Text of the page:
How I Got the Story – Valerie Osler

Timely Tips: How We Got the Story

Barbara Kingsley Cal State Long Beach
Barbara Kingsley
Cal State Long Beach

One of the most controversial stories of the new semester at the Daily 49er was the saga of Jose Salazar, the ASI president at Cal State Long Beach who is also the first undocumented student to hold that office.

When word got around that Salazar could not get paid for being president, at least $1,200 a month, ASI reporter Valerie Osier started looking into the story with help from Miranda Ceja. What started out sounding like a simple story became much more complex. Her account is below. Valerie waded through several different interviews and ASI documents to come up with a complete and concise story on a sensitive topic that was soon picked up by local and national media:

http://www.daily49er.com/news/2015/09/23/no-paperwork-no-pay-student-president-goes-unpaid-without-documentation/

Cal State Long Beach student government President Jose Salazar
Cal State Long Beach student government President Jose Salazar (Used with permission of The Daily 49er)

By Valerie Osier

I first heard the story when a classmate, Miranda, pitched it in class. The student government was my beat, so I offered to work on it. Miranda scheduled the first meeting with the ASI president, Jose Salazar, and I went with her. He told us how he was having a really hard time with being a full-time student, working 40-50 unpaid hours a week as the president and working an additional job as a freelance construction worker even though ASI policy states that executives are not allowed to have another job. (But they do receive other benefits such as tuition breaks.) At that time, I didn’t know that much about Deferred Action for Childhood Arrivals, or DACA. After that interview, it was hard not to walk out feeling sympathetic. And I did, but I knew I needed to talk to ASI to get its side of the story and why it seemed ASI was not sympathetic to his situation.

Later that evening, I was in the newsroom when one of the editors, Paige, got a call from the ASI treasurer, Wendy Lewis, who according to Paige wanted to talk about Salazar’s proposal to change the way ASI officers are paid (switching from fellowship grant, for which he couldn’t qualify, to a scholarship, which would allow him to be legally compensated). Lewis told her briefly the other side of the argument. When Paige got off the phone, she told me what the treasurer had said and I interviewed her later. I decided to interview the vice president of ASI as well, because she was also opposed to the policy change. Meanwhile, it was becoming clear Miranda could not continue writing the piece, since she was involved in organizations that were part of the story. That’s when I became the main writer.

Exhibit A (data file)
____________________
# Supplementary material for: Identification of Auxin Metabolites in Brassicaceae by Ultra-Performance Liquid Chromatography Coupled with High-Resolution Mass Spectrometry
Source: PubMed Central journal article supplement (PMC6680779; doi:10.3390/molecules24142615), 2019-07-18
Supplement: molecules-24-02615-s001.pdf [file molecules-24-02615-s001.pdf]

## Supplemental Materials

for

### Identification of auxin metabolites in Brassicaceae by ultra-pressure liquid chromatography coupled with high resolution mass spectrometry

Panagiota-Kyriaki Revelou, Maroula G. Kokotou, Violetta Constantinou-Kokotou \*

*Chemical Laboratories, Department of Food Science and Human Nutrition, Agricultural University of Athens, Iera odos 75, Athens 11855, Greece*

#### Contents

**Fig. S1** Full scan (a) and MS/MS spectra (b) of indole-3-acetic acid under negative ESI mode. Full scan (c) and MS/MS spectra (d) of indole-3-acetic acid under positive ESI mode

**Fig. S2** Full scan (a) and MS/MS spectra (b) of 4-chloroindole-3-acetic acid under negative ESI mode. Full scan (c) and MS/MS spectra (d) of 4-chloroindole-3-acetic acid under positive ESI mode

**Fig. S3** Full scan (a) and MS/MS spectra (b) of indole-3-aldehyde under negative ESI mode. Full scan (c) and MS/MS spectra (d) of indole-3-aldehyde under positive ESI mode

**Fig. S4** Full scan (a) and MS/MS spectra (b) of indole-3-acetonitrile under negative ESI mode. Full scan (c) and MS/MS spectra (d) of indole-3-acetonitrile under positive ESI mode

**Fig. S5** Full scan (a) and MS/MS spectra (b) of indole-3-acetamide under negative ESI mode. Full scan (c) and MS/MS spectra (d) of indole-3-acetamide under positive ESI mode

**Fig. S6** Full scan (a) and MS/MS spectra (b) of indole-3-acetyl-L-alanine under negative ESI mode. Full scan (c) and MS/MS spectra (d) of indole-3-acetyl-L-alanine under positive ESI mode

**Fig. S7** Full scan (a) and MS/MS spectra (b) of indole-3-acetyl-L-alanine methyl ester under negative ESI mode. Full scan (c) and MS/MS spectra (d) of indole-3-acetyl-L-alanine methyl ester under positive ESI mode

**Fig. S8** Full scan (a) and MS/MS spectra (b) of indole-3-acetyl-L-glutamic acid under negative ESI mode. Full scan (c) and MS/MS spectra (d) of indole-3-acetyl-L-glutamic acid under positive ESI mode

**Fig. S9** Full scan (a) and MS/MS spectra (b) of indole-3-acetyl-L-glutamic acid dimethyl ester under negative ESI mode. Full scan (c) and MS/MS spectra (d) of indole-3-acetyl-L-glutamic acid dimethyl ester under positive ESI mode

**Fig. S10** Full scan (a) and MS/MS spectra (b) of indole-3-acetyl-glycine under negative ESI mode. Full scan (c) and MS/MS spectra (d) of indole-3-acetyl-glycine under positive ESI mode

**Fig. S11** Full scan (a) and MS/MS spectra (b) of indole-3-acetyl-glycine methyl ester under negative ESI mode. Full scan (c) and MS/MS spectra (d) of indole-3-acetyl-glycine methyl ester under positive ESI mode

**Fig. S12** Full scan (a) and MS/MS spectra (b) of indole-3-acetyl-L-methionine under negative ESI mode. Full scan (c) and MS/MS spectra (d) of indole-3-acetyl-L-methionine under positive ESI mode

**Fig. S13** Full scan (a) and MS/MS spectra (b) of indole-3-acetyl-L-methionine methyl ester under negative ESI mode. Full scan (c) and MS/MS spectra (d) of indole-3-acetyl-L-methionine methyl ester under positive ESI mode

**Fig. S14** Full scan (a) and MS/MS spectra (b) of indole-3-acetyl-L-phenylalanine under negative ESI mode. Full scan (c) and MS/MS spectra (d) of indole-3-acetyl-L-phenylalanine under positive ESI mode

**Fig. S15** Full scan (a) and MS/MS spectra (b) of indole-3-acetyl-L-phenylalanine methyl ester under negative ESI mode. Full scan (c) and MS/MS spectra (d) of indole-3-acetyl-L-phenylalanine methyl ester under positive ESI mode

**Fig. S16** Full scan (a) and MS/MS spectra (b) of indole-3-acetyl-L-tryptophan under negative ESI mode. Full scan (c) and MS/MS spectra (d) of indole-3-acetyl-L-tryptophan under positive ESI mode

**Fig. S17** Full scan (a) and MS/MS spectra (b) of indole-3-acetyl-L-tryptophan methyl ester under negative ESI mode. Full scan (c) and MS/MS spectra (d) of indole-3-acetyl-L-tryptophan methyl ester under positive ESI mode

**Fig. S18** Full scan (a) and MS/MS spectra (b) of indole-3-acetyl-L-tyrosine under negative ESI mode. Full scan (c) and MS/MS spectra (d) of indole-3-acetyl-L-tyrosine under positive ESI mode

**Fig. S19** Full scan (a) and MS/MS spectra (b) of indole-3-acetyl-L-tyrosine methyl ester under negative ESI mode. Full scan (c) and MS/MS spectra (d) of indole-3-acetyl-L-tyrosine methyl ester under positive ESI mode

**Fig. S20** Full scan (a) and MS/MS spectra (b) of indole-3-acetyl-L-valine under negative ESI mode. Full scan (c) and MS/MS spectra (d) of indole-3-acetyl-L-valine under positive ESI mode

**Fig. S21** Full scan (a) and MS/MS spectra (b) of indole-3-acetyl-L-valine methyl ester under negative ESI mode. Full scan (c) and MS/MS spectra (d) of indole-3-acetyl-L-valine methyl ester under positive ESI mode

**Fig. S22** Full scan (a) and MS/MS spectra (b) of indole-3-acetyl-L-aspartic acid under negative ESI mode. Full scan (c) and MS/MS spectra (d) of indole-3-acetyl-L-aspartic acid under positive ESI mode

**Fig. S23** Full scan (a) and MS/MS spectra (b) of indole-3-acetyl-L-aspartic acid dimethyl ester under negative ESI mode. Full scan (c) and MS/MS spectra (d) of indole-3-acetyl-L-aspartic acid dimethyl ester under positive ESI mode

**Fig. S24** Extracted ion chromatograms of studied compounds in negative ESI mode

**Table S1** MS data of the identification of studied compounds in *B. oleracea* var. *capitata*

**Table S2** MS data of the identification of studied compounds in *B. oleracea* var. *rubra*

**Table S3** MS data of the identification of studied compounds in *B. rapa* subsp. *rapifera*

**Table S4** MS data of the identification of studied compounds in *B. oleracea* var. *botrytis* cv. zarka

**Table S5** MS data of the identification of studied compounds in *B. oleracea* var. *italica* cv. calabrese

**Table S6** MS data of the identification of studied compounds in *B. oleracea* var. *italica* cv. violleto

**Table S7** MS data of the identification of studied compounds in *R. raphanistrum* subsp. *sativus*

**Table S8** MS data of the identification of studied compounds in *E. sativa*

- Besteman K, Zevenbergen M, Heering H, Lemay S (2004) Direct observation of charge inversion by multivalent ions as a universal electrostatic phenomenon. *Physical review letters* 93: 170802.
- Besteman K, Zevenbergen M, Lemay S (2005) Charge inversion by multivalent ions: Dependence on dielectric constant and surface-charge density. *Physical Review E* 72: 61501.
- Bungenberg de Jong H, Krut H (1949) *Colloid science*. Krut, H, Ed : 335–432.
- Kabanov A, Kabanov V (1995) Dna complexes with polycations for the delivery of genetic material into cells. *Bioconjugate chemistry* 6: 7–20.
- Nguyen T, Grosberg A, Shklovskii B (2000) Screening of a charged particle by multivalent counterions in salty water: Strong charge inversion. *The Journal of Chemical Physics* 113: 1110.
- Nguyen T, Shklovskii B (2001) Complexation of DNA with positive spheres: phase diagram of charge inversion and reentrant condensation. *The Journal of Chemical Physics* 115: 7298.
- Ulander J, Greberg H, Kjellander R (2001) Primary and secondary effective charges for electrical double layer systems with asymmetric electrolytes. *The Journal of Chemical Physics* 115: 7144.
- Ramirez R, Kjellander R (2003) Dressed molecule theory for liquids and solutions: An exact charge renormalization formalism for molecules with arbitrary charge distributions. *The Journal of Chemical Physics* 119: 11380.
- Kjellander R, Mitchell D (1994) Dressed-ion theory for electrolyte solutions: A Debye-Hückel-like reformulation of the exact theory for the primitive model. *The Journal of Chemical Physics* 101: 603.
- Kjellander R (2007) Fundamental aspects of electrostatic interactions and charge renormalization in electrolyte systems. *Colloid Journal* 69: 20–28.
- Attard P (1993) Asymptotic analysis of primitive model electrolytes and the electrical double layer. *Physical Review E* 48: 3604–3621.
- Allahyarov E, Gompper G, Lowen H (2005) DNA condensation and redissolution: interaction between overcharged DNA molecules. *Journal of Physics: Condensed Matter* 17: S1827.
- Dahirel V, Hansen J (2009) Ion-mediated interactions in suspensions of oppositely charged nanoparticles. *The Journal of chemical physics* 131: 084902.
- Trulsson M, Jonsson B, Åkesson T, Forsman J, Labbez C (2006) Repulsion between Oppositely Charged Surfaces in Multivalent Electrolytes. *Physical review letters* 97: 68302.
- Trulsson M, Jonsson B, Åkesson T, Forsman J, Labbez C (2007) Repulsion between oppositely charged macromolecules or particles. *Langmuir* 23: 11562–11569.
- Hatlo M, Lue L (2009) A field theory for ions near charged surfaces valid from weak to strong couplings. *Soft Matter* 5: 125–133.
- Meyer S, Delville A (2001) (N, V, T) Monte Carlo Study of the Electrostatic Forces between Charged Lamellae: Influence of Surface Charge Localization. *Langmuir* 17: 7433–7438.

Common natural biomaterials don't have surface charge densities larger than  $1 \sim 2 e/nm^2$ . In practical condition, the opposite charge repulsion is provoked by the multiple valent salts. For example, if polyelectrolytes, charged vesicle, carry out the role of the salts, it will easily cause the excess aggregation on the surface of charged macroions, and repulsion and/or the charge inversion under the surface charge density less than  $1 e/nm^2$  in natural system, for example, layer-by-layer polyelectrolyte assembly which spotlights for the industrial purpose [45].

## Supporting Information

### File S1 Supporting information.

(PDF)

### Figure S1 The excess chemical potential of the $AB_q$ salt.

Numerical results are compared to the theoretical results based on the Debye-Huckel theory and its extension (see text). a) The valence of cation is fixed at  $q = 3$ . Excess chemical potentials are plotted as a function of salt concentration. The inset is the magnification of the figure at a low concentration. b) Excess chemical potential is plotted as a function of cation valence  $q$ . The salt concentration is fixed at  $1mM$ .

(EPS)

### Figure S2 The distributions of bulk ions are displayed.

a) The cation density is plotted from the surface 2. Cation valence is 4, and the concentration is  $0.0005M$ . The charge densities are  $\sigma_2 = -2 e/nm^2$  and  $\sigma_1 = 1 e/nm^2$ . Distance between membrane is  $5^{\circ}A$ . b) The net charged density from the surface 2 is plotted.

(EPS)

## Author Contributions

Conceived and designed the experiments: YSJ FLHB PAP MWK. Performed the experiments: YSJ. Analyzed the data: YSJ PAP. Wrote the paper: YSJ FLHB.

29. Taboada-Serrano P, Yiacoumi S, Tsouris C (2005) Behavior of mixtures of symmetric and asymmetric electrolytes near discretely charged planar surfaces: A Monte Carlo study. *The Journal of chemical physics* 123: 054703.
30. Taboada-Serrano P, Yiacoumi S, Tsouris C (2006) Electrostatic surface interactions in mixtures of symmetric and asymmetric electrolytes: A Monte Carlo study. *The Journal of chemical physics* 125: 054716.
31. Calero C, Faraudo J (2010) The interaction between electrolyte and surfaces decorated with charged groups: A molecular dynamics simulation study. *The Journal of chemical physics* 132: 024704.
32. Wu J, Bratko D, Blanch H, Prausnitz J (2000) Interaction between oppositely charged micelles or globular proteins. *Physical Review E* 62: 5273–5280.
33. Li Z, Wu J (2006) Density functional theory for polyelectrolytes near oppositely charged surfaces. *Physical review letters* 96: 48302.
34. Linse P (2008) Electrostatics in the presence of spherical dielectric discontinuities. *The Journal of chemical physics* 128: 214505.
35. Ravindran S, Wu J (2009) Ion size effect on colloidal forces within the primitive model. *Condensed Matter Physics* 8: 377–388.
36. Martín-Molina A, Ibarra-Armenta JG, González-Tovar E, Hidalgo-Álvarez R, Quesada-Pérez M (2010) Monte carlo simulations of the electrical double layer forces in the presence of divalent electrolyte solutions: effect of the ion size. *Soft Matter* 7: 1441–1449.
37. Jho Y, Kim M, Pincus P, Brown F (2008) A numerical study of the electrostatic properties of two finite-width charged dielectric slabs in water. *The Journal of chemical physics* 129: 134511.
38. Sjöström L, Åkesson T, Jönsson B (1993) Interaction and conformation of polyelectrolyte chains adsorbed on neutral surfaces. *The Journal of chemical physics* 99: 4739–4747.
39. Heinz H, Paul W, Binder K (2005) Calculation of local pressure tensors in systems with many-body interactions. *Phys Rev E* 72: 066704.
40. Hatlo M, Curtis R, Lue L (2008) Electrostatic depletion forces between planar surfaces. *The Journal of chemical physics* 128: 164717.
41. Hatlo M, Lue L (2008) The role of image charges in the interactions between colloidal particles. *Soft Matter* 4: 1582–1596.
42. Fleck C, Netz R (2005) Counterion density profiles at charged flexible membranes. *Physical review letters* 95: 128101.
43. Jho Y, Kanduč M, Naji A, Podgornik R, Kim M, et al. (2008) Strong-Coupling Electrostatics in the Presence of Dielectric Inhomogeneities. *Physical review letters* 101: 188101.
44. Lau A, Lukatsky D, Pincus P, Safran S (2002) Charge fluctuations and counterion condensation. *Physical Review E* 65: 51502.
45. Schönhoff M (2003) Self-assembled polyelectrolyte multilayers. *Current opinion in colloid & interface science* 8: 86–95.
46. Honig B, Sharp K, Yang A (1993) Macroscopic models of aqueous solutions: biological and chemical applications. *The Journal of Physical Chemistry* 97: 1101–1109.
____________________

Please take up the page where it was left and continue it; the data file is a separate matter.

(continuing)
When I scheduled my interview with the VP, Miriam Hernandez, she asked if Wendy could be there too, and I said yes. I interviewed them and they told me everything that had happened pertaining to the topic since before Jose became president. They indicated that they felt he had not done all he could to get DACA paperwork done, despite support and help from ASI, the school and Miriam herself. Miriam shared how she is undocumented as well, but said she did the work necessary to ensure that she was able to get paid. She also said that filling out DACA is not as simple as one might think. The paperwork alone is overwhelming, but many undocumented immigrants are also fearful their families might get deported based on the information they write down. But she said she did it and she’s helped many people in her family and community do it, and now “they all have a better life because of it.” They both indicated that Miriam, ASI and the school all but took Jose to the post office to mail the paperwork and, for whatever reason, he waited to turn it in.